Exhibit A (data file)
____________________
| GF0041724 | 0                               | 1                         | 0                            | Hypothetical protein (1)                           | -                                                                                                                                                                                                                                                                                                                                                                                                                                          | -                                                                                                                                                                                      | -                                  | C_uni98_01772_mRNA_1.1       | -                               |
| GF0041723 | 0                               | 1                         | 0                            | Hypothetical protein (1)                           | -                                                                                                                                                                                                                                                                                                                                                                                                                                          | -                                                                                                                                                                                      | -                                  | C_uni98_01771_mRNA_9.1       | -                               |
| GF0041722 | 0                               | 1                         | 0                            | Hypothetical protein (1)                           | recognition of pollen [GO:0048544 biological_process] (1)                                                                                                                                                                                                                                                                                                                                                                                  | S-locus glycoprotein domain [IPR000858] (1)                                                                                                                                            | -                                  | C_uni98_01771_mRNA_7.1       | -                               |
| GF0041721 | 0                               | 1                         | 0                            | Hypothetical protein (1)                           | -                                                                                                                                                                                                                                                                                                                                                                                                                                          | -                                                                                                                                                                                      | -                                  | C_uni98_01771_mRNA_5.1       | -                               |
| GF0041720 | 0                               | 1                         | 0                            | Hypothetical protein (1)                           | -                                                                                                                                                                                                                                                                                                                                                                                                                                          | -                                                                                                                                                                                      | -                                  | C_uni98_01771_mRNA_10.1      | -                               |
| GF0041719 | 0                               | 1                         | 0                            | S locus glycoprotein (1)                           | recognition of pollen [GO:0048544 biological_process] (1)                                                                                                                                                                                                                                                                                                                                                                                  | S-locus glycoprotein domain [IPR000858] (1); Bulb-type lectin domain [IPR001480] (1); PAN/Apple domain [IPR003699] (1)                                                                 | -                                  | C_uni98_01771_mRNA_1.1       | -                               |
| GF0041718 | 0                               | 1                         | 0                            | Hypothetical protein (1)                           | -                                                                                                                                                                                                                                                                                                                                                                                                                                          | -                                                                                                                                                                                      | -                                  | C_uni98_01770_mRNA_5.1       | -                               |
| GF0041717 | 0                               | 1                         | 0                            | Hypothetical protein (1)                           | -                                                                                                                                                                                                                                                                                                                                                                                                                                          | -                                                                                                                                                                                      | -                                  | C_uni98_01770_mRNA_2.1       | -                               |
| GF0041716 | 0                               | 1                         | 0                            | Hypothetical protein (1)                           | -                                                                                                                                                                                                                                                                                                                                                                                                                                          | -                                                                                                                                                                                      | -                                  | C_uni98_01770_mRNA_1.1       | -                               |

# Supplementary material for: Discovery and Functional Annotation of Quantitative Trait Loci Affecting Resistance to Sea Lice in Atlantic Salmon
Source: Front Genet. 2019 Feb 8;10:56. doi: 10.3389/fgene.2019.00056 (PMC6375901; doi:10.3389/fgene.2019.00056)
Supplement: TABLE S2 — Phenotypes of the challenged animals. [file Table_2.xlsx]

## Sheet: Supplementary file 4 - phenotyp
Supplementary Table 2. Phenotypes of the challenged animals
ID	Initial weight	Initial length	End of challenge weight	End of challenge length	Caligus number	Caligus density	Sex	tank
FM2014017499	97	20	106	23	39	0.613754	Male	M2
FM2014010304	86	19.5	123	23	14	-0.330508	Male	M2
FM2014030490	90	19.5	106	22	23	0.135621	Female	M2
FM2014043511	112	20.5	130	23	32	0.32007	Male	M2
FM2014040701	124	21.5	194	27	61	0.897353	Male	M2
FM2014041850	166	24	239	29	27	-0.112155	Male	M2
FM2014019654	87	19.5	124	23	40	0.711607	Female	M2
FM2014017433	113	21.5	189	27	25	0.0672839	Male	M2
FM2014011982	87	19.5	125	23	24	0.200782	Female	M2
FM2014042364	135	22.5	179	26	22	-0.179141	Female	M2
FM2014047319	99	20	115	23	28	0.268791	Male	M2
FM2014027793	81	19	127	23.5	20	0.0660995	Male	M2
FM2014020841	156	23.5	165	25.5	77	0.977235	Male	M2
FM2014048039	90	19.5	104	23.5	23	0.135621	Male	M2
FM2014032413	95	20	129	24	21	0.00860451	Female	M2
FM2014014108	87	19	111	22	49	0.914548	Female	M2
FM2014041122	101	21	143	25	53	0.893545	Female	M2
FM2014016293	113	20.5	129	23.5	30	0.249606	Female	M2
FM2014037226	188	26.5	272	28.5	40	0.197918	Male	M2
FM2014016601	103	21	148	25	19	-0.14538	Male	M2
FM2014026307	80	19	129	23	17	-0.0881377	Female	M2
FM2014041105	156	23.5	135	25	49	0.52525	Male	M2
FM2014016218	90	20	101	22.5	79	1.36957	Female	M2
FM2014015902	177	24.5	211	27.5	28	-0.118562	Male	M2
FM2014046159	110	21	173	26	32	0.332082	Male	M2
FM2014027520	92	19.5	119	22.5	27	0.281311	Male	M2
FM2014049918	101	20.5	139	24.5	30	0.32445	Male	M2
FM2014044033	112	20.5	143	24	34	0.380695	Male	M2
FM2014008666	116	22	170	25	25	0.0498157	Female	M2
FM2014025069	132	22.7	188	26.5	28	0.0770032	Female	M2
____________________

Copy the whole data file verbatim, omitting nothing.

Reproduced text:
| GF0041724 | 0                               | 1                         | 0                            | Hypothetical protein (1)                           | -                                                                                                                                                                                                                                                                                                                                                                                                                                          | -                                                                                                                                                                                      | -                                  | C_uni98_01772_mRNA_1.1       | -                               |
| GF0041723 | 0                               | 1                         | 0                            | Hypothetical protein (1)                           | -                                                                                                                                                                                                                                                                                                                                                                                                                                          | -                                                                                                                                                                                      | -                                  | C_uni98_01771_mRNA_9.1       | -                               |
| GF0041722 | 0                               | 1                         | 0                            | Hypothetical protein (1)                           | recognition of pollen [GO:0048544 biological_process] (1)                                                                                                                                                                                                                                                                                                                                                                                  | S-locus glycoprotein domain [IPR000858] (1)                                                                                                                                            | -                                  | C_uni98_01771_mRNA_7.1       | -                               |
| GF0041721 | 0                               | 1                         | 0                            | Hypothetical protein (1)                           | -                                                                                                                                                                                                                                                                                                                                                                                                                                          | -                                                                                                                                                                                      | -                                  | C_uni98_01771_mRNA_5.1       | -                               |
| GF0041720 | 0                               | 1                         | 0                            | Hypothetical protein (1)                           | -                                                                                                                                                                                                                                                                                                                                                                                                                                          | -                                                                                                                                                                                      | -                                  | C_uni98_01771_mRNA_10.1      | -                               |
| GF0041719 | 0                               | 1                         | 0                            | S locus glycoprotein (1)                           | recognition of pollen [GO:0048544 biological_process] (1)                                                                                                                                                                                                                                                                                                                                                                                  | S-locus glycoprotein domain [IPR000858] (1); Bulb-type lectin domain [IPR001480] (1); PAN/Apple domain [IPR003699] (1)                                                                 | -                                  | C_uni98_01771_mRNA_1.1       | -                               |
| GF0041718 | 0                               | 1                         | 0                            | Hypothetical protein (1)                           | -                                                                                                                                                                                                                                                                                                                                                                                                                                          | -                                                                                                                                                                                      | -                                  | C_uni98_01770_mRNA_5.1       | -                               |
| GF0041717 | 0                               | 1                         | 0                            | Hypothetical protein (1)                           | -                                                                                                                                                                                                                                                                                                                                                                                                                                          | -                                                                                                                                                                                      | -                                  | C_uni98_01770_mRNA_2.1       | -                               |
| GF0041716 | 0                               | 1                         | 0                            | Hypothetical protein (1)                           | -                                                                                                                                                                                                                                                                                                                                                                                                                                          | -                                                                                                                                                                                      | -                                  | C_uni98_01770_mRNA_1.1       | -                               |

# Supplementary material for: Discovery and Functional Annotation of Quantitative Trait Loci Affecting Resistance to Sea Lice in Atlantic Salmon
Source: Front Genet. 2019 Feb 8;10:56. doi: 10.3389/fgene.2019.00056 (PMC6375901; doi:10.3389/fgene.2019.00056)
Supplement: TABLE S2 — Phenotypes of the challenged animals. [file Table_2.xlsx]

## Sheet: Supplementary file 4 - phenotyp
Supplementary Table 2. Phenotypes of the challenged animals
ID	Initial weight	Initial length	End of challenge weight	End of challenge length	Caligus number	Caligus density	Sex	tank
FM2014017499	97	20	106	23	39	0.613754	Male	M2
FM2014010304	86	19.5	123	23	14	-0.330508	Male	M2
FM2014030490	90	19.5	106	22	23	0.135621	Female	M2
FM2014043511	112	20.5	130	23	32	0.32007	Male	M2
FM2014040701	124	21.5	194	27	61	0.897353	Male	M2
FM2014041850	166	24	239	29	27	-0.112155	Male	M2
FM2014019654	87	19.5	124	23	40	0.711607	Female	M2
FM2014017433	113	21.5	189	27	25	0.0672839	Male	M2
FM2014011982	87	19.5	125	23	24	0.200782	Female	M2
FM2014042364	135	22.5	179	26	22	-0.179141	Female	M2
FM2014047319	99	20	115	23	28	0.268791	Male	M2
FM2014027793	81	19	127	23.5	20	0.0660995	Male	M2
FM2014020841	156	23.5	165	25.5	77	0.977235	Male	M2
FM2014048039	90	19.5	104	23.5	23	0.135621	Male	M2
FM2014032413	95	20	129	24	21	0.00860451	Female	M2
FM2014014108	87	19	111	22	49	0.914548	Female	M2
FM2014041122	101	21	143	25	53	0.893545	Female	M2
FM2014016293	113	20.5	129	23.5	30	0.249606	Female	M2
FM2014037226	188	26.5	272	28.5	40	0.197918	Male	M2
FM2014016601	103	21	148	25	19	-0.14538	Male	M2
FM2014026307	80	19	129	23	17	-0.0881377	Female	M2
FM2014041105	156	23.5	135	25	49	0.52525	Male	M2
FM2014016218	90	20	101	22.5	79	1.36957	Female	M2
FM2014015902	177	24.5	211	27.5	28	-0.118562	Male	M2
FM2014046159	110	21	173	26	32	0.332082	Male	M2
FM2014027520	92	19.5	119	22.5	27	0.281311	Male	M2
FM2014049918	101	20.5	139	24.5	30	0.32445	Male	M2
FM2014044033	112	20.5	143	24	34	0.380695	Male	M2
FM2014008666	116	22	170	25	25	0.0498157	Female	M2
FM2014025069	132	22.7	188	26.5	28	0.0770032	Female	M2